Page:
Our emotional state can override the effects of diet and exercise. In fact, if you’re a hostile and driven person who turns exercise and diet into the same sort of addictive, tense activity as everything else in your life, you will defeat your purposes. You will go out on the golf course to make up for the effects of anger and then just get angry that you can’t put it right, your partner’s late, or your caddy’s an idiot.
In an article entitled, “Managing Emotions,” by Deborah Rozman, Ph.D., and Paul Rosch, M.D., which appears on the PGA website, the authors discuss the effects of emotionson performance. They relate that a Japanese sports physician thinks around 5,000 individuals die yearly on fair ways, succumbing to the stress they impose upon themselves while playing golf.
We need the negative emotions because they give us information – how else would we know what to fear and what to avoid? However, fear, anxiety, anger, grief and worry erode our performance, erode our relationships and ultimately erode our health.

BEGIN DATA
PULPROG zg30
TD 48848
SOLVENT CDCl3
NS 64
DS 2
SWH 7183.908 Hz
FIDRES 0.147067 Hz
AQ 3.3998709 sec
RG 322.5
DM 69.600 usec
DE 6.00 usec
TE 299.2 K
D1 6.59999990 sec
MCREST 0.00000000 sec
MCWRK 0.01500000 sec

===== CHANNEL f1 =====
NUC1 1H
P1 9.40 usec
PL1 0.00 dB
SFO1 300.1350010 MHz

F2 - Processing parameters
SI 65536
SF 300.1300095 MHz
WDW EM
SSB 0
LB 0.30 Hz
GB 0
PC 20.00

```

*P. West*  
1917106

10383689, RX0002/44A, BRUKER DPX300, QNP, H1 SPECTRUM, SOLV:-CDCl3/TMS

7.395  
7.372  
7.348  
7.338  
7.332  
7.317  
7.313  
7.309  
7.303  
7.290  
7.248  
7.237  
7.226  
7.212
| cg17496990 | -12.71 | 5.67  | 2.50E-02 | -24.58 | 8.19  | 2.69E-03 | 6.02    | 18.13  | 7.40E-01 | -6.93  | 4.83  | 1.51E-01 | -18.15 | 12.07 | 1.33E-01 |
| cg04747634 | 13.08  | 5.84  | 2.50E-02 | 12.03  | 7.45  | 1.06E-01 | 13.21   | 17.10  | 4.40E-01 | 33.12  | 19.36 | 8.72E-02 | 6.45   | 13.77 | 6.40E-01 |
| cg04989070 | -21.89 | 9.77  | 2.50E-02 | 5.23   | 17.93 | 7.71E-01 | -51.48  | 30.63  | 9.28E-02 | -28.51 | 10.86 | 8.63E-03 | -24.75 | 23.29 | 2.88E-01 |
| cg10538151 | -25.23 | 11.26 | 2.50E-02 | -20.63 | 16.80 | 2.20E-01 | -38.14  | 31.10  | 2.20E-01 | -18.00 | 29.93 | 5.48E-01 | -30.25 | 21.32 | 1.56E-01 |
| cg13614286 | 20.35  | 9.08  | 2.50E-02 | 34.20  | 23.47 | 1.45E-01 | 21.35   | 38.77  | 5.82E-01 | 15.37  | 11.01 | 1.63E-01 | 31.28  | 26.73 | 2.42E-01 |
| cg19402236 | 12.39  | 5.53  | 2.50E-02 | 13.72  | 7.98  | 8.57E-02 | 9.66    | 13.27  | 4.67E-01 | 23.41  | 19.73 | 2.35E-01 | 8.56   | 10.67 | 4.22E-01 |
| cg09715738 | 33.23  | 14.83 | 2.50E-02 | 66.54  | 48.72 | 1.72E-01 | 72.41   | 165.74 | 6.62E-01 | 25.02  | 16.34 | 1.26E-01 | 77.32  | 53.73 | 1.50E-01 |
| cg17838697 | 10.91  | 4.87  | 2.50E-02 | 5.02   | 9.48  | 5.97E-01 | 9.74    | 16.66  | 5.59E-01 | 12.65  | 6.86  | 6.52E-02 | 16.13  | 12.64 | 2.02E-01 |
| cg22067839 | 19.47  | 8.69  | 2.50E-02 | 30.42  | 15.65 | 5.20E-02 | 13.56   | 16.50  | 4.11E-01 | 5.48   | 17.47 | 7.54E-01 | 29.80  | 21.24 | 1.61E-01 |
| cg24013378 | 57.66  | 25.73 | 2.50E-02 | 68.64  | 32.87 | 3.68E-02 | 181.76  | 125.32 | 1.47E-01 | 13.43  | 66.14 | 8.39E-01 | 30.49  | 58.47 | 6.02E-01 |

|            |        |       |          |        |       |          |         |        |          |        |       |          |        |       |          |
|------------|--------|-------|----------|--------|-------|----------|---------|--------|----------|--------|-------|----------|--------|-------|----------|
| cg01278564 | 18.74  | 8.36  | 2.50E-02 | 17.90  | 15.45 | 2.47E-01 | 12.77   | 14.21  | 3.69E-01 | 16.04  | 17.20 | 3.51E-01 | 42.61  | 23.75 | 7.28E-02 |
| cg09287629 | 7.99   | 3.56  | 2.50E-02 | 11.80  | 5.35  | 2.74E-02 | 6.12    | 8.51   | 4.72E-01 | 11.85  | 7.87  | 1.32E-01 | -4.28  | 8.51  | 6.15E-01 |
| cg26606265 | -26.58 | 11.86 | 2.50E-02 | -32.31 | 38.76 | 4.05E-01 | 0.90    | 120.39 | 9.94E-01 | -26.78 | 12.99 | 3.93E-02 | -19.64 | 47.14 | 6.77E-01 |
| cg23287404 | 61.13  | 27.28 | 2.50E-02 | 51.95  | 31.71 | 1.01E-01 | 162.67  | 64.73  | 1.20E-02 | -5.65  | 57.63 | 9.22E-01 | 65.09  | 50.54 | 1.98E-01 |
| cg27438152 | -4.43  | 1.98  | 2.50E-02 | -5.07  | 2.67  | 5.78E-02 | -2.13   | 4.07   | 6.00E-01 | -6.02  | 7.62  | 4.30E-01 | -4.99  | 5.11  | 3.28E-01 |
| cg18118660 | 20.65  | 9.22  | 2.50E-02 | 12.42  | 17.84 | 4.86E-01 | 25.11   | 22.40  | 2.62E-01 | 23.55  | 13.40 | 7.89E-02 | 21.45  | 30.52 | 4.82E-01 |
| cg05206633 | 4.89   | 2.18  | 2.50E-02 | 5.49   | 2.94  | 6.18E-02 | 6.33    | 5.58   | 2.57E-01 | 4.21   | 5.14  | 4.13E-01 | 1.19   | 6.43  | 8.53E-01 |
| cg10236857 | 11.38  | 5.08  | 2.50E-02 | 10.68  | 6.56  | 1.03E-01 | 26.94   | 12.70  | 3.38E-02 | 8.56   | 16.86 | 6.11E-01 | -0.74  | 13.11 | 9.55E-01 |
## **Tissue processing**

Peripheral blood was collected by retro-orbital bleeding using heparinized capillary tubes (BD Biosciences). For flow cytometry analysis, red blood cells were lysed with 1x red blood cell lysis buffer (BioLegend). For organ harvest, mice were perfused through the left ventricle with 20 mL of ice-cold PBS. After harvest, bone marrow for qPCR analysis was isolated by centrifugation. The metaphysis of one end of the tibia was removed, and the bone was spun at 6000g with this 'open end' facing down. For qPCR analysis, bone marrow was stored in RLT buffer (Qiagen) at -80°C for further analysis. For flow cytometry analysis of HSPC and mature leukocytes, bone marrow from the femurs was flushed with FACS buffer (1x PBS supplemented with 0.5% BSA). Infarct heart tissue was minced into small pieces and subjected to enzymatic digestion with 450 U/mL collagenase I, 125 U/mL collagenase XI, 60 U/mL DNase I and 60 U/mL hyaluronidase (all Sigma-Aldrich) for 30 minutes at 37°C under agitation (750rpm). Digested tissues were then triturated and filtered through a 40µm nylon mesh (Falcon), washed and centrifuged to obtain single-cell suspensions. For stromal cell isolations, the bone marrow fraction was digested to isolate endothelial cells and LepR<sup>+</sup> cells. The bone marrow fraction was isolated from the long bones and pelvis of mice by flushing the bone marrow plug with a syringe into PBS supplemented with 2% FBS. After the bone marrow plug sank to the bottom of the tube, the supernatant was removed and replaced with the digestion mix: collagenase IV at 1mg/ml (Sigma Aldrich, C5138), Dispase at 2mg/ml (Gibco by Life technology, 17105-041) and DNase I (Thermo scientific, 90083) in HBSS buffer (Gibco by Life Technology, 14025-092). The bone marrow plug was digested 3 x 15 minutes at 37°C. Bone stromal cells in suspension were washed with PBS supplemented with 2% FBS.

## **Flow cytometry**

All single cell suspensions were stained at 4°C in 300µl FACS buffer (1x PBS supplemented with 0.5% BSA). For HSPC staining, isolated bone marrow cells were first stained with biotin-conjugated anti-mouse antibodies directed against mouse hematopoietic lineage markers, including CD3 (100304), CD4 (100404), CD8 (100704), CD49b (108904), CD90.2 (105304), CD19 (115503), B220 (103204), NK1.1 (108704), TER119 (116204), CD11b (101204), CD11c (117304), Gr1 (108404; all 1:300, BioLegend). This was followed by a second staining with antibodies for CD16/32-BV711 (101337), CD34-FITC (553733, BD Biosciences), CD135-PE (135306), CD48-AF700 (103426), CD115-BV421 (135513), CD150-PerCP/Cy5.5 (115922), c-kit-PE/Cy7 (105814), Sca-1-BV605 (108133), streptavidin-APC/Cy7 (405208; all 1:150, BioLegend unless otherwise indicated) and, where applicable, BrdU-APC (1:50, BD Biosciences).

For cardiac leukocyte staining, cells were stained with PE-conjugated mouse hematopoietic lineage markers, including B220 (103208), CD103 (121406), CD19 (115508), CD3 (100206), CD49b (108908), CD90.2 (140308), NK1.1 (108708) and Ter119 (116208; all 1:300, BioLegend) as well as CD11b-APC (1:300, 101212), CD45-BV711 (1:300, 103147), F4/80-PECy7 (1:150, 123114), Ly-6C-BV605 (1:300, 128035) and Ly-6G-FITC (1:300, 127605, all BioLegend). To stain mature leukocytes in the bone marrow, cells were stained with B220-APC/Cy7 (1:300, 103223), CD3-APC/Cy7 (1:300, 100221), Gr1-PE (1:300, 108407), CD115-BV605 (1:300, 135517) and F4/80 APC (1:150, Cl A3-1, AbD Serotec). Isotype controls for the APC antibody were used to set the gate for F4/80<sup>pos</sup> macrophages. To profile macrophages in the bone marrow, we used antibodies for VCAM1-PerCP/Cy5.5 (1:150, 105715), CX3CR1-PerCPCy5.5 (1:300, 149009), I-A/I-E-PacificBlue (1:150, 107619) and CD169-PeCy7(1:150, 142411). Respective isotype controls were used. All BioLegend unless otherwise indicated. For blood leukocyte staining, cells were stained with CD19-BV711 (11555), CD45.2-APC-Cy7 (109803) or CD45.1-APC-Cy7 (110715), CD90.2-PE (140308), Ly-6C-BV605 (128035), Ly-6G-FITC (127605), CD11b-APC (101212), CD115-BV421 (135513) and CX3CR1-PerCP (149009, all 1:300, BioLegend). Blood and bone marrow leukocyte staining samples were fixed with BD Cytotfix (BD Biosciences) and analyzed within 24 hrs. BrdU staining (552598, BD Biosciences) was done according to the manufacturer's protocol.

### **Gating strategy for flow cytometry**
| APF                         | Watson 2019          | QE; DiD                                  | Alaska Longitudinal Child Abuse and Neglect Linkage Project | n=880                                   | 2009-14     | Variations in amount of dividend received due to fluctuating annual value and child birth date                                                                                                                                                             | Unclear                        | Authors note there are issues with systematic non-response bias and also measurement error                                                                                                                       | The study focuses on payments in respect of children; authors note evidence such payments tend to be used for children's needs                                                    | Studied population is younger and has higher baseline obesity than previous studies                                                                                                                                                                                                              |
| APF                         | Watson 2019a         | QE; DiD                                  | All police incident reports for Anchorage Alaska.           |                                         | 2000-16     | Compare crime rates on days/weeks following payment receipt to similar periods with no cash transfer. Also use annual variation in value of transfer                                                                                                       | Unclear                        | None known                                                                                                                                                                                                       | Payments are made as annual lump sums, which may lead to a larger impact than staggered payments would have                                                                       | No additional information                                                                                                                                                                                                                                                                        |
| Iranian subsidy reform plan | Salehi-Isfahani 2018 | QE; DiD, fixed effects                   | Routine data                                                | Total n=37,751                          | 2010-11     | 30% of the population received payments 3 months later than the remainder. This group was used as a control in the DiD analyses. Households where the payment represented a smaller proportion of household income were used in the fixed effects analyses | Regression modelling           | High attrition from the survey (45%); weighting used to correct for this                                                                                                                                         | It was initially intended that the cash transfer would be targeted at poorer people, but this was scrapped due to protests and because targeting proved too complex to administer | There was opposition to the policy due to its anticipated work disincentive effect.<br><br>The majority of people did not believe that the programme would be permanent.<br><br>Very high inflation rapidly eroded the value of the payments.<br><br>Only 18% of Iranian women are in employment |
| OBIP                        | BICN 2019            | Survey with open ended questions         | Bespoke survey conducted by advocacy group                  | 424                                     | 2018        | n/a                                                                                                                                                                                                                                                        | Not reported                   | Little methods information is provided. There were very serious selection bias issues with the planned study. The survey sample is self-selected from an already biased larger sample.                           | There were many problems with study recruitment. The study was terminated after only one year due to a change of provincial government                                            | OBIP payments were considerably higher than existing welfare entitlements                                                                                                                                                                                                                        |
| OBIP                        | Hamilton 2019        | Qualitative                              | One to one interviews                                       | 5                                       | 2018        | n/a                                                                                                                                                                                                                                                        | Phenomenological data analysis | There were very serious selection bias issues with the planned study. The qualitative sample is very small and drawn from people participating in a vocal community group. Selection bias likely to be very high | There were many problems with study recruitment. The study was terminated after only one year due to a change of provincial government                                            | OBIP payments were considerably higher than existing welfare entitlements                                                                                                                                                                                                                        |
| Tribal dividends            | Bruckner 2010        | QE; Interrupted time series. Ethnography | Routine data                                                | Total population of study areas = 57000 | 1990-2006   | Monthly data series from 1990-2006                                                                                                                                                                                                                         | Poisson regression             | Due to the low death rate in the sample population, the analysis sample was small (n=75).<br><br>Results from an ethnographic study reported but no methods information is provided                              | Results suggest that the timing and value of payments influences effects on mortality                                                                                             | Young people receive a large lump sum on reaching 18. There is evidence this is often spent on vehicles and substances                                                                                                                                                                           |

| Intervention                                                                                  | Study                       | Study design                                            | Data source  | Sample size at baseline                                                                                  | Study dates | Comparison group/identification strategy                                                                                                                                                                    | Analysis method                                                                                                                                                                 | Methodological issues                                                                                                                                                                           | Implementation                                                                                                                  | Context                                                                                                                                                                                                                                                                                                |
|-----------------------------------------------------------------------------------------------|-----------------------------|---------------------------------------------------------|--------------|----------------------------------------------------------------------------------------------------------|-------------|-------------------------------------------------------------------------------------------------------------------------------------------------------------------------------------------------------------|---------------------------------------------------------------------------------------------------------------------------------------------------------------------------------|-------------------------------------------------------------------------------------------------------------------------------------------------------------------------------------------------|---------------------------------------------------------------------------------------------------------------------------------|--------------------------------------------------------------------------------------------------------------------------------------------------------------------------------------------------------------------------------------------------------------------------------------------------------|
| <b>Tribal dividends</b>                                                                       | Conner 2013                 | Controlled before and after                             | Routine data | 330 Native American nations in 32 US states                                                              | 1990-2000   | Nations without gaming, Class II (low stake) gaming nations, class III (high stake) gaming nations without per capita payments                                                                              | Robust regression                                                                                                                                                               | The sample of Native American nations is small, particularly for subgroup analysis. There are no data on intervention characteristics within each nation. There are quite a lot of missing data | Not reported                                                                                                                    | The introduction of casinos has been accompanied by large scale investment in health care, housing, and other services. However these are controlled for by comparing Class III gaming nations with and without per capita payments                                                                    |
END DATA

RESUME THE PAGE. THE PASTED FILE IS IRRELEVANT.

For a true wellness regime, include some emotional intelligence development. Learn how to go out and exercise without worrying yourself to death about the score, you rabs, or your opponent’s personality. Learn how to eat right by knowing what food choices to make and also learning to recognize when you’re eating your anger, or trying to comfort your grief. Keep the yoga in your life, but don’t have a heart attack because you allow yourself 10 minutes to make the 20 minute trip from your office to the health club and then stress yourself because there are no clean towels in the towel bin, your personal trainer isn’t perfect, or you haven’t lost the 2 lbs. you insist that you must.
A deep body massage is one of the best things you can do for your health, but don’t sabotage yourself like the man I observed the other day. You can’t lie on the massage table screaming into your cell phone at someone, and expect beneficial health results.
It’s a bit of folk wisdom that it isn’t what you say but how you say it, and as far as our health regime: it isn’t what you do, but how you do it. If you aren’t mindful, the emotional state you engender in rushing to meet the wellness demands you subject yourself to can undo all the good you might be doing.